Live feed for the tonight’s close approach of asteroid 2000 EM26
Sometimes I wonder how certain asteroids get picked for notoriety on the news while others don’t. Tonight, 2000 EM26 is in the spotlight. This near-Earth asteroid speeds by Earth at a distance 8.8 times that of the moon or about 2.1 million miles. Don’t get me wrong – that’s pretty close, and EM26 isn’t a particularly small rock. Based on its brightness curve, it’s estimated at 640 feet (195-meters) across.
But a week ago on Feb. 10, the larger asteroid 2006 DP14 (2,395 feet / 730 m) made an even closer shave at 6.2 lunar distances. 2014 BR57 will pass closer yet at 4.4 times the moon’s distance on Thursday. I suspect the attention 2000 EM26 is getting is related to the Russian fireball, a near-Earth asteroid whose last orbit ended in earthly annihilation just one year ago.
Alright, alright, I’ll just quiet down and enjoy the show.
Show? Yes indeed. The wonderful, public-minded SLOOH – a fellowship of citizen astronomers who share the sky through free, live, public celestial events – will broadcast live views of 2000 EM26 as it tracks across the stars of the constellation Bootes starting this evening at 8 p.m. CST (9 p.m. EST, 2 a.m. Greenwich Time).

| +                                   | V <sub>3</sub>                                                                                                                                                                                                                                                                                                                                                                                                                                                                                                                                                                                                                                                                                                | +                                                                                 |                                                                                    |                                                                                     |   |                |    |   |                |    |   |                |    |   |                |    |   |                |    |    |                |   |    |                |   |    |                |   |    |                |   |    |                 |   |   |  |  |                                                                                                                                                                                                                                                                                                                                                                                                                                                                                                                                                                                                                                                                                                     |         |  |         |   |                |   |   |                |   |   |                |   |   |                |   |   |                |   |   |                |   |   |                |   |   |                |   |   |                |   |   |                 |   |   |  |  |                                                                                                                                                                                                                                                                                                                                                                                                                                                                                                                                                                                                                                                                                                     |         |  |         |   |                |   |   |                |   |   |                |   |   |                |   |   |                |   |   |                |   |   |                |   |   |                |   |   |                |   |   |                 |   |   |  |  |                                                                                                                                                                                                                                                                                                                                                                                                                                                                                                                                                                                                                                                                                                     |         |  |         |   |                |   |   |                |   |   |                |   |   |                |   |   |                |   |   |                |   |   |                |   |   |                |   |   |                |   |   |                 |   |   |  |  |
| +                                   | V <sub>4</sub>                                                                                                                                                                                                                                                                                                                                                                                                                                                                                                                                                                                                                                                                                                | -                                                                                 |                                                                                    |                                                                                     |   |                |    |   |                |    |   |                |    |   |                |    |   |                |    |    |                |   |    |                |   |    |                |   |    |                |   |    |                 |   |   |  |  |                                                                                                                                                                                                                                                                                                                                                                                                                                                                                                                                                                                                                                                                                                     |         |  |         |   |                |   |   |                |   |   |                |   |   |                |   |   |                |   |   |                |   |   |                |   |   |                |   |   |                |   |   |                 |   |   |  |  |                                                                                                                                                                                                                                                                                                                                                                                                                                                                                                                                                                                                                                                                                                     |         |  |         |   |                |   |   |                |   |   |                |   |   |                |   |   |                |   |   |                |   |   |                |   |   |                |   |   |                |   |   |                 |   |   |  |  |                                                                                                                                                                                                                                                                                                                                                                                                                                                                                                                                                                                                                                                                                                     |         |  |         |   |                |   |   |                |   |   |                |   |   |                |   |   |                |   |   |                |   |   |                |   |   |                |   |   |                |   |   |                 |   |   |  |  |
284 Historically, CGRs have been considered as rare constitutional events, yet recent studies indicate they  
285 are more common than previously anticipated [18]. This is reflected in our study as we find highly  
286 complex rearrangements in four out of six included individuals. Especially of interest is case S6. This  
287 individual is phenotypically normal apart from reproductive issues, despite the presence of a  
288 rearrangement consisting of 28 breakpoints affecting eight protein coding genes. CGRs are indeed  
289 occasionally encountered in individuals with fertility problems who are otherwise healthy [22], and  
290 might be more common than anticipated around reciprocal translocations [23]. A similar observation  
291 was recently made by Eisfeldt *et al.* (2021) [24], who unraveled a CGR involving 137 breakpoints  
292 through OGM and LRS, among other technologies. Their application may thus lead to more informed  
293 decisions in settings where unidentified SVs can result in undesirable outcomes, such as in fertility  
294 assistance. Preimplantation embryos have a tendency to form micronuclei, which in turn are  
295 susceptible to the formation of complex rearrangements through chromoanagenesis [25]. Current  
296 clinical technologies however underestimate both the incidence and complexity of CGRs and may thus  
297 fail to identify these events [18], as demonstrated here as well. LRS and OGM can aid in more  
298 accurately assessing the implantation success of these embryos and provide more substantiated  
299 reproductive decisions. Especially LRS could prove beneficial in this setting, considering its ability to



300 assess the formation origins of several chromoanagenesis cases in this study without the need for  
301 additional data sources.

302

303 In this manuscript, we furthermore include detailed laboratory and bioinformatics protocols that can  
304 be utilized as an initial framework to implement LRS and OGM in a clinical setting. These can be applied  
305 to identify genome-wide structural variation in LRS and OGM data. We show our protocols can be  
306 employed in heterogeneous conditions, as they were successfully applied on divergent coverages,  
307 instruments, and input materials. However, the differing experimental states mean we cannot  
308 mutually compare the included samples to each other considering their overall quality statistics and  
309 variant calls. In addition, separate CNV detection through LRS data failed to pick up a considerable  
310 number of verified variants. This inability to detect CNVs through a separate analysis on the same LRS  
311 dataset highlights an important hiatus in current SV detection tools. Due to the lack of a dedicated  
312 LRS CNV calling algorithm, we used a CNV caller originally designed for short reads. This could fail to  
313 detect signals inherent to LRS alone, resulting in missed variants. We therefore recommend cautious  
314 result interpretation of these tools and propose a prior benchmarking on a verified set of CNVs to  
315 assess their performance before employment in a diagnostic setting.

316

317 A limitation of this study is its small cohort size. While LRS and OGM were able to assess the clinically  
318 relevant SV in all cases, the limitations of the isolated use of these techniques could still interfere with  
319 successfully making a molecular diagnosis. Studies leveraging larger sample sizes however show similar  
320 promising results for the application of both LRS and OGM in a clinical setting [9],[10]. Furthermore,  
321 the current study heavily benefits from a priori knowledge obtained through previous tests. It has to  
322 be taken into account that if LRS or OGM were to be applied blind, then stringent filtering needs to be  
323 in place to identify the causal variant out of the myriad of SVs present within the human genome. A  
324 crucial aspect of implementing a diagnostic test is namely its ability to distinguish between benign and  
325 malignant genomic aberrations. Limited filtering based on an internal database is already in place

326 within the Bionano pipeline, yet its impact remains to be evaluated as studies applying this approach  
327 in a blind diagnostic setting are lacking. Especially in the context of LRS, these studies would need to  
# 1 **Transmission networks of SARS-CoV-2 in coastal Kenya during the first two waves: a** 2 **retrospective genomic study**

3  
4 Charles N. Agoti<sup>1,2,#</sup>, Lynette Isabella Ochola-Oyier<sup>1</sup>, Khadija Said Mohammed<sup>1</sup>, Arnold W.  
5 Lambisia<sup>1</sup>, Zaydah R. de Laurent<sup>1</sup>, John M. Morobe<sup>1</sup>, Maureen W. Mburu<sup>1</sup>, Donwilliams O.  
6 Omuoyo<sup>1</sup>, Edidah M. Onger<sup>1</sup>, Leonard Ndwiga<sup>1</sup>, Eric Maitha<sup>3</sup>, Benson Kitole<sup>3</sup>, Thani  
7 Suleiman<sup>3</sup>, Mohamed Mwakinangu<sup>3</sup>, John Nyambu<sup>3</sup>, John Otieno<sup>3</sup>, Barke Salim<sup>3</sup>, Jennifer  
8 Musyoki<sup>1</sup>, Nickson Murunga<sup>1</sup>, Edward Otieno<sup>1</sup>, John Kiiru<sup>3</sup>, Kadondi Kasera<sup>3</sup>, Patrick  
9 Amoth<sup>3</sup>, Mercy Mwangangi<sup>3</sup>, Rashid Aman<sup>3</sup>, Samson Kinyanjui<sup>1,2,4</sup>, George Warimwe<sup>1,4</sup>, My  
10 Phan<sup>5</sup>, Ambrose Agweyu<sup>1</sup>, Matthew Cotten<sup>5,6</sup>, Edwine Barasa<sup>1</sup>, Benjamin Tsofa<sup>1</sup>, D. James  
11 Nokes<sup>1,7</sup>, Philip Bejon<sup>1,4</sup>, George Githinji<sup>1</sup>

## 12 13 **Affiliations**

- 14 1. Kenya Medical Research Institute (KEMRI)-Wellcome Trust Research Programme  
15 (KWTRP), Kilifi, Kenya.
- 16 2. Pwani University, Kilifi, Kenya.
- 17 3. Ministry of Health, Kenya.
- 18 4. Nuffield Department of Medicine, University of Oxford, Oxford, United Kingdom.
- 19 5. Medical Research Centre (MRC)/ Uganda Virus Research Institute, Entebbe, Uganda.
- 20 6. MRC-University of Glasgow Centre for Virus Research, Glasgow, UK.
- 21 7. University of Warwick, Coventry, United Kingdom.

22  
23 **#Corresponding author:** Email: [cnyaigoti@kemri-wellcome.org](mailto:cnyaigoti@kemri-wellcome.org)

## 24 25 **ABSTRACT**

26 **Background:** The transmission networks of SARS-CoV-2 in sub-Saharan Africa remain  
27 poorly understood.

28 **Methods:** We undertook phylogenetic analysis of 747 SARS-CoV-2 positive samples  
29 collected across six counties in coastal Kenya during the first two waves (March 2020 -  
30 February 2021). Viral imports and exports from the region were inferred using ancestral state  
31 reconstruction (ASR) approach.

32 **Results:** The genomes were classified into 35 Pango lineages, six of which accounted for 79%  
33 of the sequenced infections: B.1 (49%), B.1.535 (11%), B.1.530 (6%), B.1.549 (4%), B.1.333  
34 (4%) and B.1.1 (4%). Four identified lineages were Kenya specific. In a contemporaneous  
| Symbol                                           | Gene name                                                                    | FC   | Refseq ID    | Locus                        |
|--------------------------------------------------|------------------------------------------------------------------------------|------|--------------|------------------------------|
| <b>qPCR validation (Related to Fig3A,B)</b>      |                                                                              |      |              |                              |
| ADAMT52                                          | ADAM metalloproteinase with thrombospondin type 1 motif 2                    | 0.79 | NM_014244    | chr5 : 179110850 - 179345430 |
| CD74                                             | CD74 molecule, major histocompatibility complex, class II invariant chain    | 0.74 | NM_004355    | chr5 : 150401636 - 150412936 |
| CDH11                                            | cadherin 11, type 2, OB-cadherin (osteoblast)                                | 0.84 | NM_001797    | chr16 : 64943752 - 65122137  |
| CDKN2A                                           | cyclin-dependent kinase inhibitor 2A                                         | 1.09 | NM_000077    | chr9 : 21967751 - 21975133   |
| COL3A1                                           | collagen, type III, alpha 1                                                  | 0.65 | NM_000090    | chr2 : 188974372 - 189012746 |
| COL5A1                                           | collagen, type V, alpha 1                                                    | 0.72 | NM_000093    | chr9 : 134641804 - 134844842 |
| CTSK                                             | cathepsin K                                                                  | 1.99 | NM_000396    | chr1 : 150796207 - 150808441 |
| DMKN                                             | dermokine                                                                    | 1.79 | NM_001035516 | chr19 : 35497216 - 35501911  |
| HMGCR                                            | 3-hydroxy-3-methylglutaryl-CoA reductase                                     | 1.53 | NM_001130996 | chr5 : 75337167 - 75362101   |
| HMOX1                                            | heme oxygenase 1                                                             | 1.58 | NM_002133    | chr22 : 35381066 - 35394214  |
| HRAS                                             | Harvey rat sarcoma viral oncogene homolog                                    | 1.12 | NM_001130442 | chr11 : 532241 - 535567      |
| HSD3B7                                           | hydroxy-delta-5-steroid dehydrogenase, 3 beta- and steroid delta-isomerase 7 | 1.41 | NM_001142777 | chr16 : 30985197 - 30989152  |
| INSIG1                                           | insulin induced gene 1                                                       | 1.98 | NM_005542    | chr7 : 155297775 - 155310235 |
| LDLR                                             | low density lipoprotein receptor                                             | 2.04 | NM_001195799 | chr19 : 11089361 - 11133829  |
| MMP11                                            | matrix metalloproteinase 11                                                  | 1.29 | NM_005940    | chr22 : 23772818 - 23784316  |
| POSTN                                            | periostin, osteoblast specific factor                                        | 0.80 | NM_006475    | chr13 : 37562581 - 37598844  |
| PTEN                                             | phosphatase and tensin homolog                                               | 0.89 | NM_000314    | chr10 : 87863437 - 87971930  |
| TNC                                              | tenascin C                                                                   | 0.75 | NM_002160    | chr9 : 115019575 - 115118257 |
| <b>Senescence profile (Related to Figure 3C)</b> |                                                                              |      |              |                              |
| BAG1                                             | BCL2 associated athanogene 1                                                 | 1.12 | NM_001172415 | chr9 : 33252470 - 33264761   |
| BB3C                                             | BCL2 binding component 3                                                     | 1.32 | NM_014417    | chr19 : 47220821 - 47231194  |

While the asteroid will appear perfectly star-like (it’s too small to show a shape), it will be cool to watch it crawl across the sky. Drawn by the power of the sun’s gravity, the same force that keeps Earth happily in orbit, the asteroid will travel to the northwest during the night, passing closest to our planet around 6 p.m. CST.
The live image stream will be accompanied by discussions led by Slooh host and astronomer Bob Berman with special guests including experts and eyewitnesses from Russia, who experienced a real asteroid impact on Feb. 15 a year ago, when the fireball rained down black stones over Chelyabinsk.
Sounds like a great time and a chance to refresh your knowledge of the largest witnessed meteorite fall in most of our lifetimes while simultaneously watching a potentially hazardous asteroid glide a safe distance from Earth.
You can really have it all in today’s world of astronomy.